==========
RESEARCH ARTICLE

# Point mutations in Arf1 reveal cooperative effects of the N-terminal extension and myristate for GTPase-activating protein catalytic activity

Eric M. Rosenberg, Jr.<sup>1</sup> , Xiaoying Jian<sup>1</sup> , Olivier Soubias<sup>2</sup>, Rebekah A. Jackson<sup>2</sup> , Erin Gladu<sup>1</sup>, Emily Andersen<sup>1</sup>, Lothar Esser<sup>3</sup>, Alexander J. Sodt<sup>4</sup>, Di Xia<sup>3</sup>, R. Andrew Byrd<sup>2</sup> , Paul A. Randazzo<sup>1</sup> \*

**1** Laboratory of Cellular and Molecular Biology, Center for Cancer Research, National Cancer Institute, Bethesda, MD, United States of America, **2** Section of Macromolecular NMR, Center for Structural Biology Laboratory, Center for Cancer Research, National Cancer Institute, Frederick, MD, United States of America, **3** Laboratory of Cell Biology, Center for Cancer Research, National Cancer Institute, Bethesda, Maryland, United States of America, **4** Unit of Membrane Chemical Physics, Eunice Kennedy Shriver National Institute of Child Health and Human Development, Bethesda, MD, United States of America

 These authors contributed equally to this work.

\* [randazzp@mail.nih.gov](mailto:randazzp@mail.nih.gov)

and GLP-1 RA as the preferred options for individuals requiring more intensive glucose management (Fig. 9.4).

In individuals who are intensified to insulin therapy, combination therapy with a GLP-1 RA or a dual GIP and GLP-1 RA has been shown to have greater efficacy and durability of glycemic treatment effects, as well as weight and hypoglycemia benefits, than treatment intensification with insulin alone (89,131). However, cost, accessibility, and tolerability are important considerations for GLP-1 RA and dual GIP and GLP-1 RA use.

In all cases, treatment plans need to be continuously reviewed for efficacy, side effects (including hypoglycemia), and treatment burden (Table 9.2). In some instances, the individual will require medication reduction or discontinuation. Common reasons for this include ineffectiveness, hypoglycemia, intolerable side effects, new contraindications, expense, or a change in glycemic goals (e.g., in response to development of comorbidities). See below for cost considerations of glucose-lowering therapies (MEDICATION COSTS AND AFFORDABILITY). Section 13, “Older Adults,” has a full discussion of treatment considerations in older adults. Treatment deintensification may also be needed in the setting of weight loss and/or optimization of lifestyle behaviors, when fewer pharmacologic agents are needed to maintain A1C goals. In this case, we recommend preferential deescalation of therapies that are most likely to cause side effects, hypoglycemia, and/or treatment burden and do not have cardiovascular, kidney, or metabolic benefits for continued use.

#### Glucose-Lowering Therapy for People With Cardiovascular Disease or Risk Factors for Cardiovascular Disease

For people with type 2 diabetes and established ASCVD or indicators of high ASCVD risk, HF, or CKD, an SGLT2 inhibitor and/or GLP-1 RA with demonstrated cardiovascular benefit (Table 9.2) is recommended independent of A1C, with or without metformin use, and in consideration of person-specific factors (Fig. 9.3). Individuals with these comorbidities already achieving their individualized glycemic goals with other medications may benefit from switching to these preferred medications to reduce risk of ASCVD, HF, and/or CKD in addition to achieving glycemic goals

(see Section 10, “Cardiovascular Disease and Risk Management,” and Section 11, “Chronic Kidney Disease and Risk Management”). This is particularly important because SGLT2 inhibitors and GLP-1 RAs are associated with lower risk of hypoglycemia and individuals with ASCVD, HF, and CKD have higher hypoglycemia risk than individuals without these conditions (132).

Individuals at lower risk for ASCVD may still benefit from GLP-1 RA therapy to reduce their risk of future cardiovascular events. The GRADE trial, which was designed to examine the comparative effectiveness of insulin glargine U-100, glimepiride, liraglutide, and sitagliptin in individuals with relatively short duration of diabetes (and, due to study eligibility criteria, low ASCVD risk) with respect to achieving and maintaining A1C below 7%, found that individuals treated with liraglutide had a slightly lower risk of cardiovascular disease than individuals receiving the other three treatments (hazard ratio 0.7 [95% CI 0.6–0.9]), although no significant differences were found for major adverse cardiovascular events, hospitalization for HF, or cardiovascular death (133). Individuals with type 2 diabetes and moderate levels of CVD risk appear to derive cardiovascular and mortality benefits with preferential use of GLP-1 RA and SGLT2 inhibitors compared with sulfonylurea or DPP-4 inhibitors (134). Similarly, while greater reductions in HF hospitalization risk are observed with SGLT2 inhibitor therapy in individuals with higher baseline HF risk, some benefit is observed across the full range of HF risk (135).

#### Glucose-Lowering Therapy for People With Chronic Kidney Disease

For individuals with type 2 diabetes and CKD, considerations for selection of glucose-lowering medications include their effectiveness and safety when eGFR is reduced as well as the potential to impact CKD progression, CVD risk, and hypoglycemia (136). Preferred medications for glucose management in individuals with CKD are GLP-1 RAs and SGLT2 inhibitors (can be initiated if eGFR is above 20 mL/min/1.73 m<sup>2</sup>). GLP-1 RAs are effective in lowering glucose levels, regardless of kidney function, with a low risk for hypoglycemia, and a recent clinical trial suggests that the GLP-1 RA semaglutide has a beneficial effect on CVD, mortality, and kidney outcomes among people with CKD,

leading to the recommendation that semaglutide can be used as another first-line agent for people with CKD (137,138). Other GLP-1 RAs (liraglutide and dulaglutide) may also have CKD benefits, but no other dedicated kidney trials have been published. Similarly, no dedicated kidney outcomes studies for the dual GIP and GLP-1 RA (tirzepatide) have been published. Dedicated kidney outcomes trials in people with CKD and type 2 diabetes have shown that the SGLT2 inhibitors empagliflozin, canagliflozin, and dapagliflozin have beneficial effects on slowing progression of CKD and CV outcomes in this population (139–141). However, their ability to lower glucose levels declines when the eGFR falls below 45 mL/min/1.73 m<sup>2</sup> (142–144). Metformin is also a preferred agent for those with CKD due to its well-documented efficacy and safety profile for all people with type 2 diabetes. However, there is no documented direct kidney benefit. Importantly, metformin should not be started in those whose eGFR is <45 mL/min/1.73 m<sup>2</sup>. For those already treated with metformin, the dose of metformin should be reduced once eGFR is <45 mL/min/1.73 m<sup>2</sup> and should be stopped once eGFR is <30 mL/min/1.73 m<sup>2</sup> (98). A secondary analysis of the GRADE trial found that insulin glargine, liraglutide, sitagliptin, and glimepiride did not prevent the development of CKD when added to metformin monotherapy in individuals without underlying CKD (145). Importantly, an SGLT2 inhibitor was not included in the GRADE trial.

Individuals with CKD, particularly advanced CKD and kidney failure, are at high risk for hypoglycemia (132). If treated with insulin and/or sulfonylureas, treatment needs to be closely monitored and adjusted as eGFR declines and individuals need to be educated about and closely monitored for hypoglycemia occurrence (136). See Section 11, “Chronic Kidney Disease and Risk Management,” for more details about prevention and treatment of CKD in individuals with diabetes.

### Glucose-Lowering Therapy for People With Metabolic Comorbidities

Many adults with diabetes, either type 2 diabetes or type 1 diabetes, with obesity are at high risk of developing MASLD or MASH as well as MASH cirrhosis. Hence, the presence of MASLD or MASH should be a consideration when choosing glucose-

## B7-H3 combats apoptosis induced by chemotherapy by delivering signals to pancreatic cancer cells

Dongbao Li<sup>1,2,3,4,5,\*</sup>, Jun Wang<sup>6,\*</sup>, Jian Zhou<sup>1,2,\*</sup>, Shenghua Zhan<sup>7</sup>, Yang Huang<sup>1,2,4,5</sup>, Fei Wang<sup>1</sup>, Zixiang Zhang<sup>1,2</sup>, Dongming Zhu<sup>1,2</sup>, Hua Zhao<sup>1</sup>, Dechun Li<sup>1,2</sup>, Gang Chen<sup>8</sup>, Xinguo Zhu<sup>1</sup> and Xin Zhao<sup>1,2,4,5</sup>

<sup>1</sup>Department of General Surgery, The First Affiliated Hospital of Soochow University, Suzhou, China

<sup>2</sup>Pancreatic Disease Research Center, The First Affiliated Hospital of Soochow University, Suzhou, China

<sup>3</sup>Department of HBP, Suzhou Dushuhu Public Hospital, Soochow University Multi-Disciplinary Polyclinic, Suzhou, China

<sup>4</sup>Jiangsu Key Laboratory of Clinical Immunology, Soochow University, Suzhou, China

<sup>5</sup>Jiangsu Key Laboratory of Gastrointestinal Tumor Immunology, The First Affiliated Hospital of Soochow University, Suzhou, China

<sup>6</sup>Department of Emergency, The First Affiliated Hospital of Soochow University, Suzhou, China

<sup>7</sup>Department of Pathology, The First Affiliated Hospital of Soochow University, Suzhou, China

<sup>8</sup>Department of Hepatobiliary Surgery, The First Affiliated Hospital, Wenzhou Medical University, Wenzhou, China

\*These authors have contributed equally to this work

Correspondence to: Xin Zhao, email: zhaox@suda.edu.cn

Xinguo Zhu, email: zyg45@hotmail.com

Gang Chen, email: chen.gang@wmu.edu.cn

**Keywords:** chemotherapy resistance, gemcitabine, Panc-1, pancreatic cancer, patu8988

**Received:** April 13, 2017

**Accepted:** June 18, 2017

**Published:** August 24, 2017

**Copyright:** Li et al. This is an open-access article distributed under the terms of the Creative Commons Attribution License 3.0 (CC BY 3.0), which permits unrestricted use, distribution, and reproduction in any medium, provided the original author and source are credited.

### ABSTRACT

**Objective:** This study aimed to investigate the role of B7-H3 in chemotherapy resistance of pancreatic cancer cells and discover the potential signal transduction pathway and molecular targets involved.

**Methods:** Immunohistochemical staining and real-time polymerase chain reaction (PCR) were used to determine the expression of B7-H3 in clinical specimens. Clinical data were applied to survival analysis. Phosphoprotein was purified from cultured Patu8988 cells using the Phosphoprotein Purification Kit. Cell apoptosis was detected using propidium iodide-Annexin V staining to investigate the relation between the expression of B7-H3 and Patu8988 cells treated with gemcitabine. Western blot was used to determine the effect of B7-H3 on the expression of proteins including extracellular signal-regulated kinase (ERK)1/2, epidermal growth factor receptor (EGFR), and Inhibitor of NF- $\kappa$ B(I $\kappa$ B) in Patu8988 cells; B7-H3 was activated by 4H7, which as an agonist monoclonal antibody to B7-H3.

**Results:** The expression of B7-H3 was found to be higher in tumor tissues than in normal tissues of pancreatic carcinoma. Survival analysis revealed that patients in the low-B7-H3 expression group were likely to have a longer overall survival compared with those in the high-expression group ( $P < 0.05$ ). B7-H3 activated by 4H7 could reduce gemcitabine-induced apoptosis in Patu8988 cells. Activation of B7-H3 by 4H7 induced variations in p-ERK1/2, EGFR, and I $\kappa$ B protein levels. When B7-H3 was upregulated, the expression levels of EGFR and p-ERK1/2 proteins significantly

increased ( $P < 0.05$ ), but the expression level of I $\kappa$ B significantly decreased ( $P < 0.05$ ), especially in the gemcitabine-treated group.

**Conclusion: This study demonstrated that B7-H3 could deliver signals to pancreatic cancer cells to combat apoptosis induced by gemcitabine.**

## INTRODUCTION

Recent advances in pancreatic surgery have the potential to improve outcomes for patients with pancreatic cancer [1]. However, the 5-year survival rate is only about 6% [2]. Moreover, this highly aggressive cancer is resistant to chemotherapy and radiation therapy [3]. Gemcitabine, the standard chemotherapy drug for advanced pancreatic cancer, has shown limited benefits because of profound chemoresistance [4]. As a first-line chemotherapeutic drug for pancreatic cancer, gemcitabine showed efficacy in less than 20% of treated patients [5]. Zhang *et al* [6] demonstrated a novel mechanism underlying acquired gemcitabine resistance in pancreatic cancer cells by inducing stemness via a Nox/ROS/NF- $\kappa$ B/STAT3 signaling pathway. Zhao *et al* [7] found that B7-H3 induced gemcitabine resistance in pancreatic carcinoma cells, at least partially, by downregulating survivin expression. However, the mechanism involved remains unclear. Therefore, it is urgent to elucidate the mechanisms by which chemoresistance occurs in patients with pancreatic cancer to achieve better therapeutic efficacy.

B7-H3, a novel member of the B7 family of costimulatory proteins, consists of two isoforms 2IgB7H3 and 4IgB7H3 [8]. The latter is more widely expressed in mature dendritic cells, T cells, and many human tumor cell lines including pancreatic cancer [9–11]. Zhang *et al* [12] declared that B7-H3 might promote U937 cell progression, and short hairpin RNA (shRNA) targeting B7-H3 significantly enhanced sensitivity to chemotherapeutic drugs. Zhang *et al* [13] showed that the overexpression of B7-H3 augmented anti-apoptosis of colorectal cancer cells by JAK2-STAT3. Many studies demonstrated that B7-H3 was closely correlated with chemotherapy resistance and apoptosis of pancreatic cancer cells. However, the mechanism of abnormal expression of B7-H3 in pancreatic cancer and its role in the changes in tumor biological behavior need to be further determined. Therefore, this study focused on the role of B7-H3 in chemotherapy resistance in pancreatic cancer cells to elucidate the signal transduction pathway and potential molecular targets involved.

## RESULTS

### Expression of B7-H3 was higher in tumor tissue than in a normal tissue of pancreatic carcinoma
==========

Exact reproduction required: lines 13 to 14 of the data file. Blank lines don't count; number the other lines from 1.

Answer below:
Individuals at lower risk for ASCVD may still benefit from GLP-1 RA therapy to reduce their risk of future cardiovascular events. The GRADE trial, which was designed to examine the comparative effectiveness of insulin glargine U-100, glimepiride, liraglutide, and sitagliptin in individuals with relatively short duration of diabetes (and, due to study eligibility criteria, low ASCVD risk) with respect to achieving and maintaining A1C below 7%, found that individuals treated with liraglutide had a slightly lower risk of cardiovascular disease than individuals receiving the other three treatments (hazard ratio 0.7 [95% CI 0.6–0.9]), although no significant differences were found for major adverse cardiovascular events, hospitalization for HF, or cardiovascular death (133). Individuals with type 2 diabetes and moderate levels of CVD risk appear to derive cardiovascular and mortality benefits with preferential use of GLP-1 RA and SGLT2 inhibitors compared with sulfonylurea or DPP-4 inhibitors (134). Similarly, while greater reductions in HF hospitalization risk are observed with SGLT2 inhibitor therapy in individuals with higher baseline HF risk, some benefit is observed across the full range of HF risk (135).

#### Glucose-Lowering Therapy for People With Chronic Kidney Disease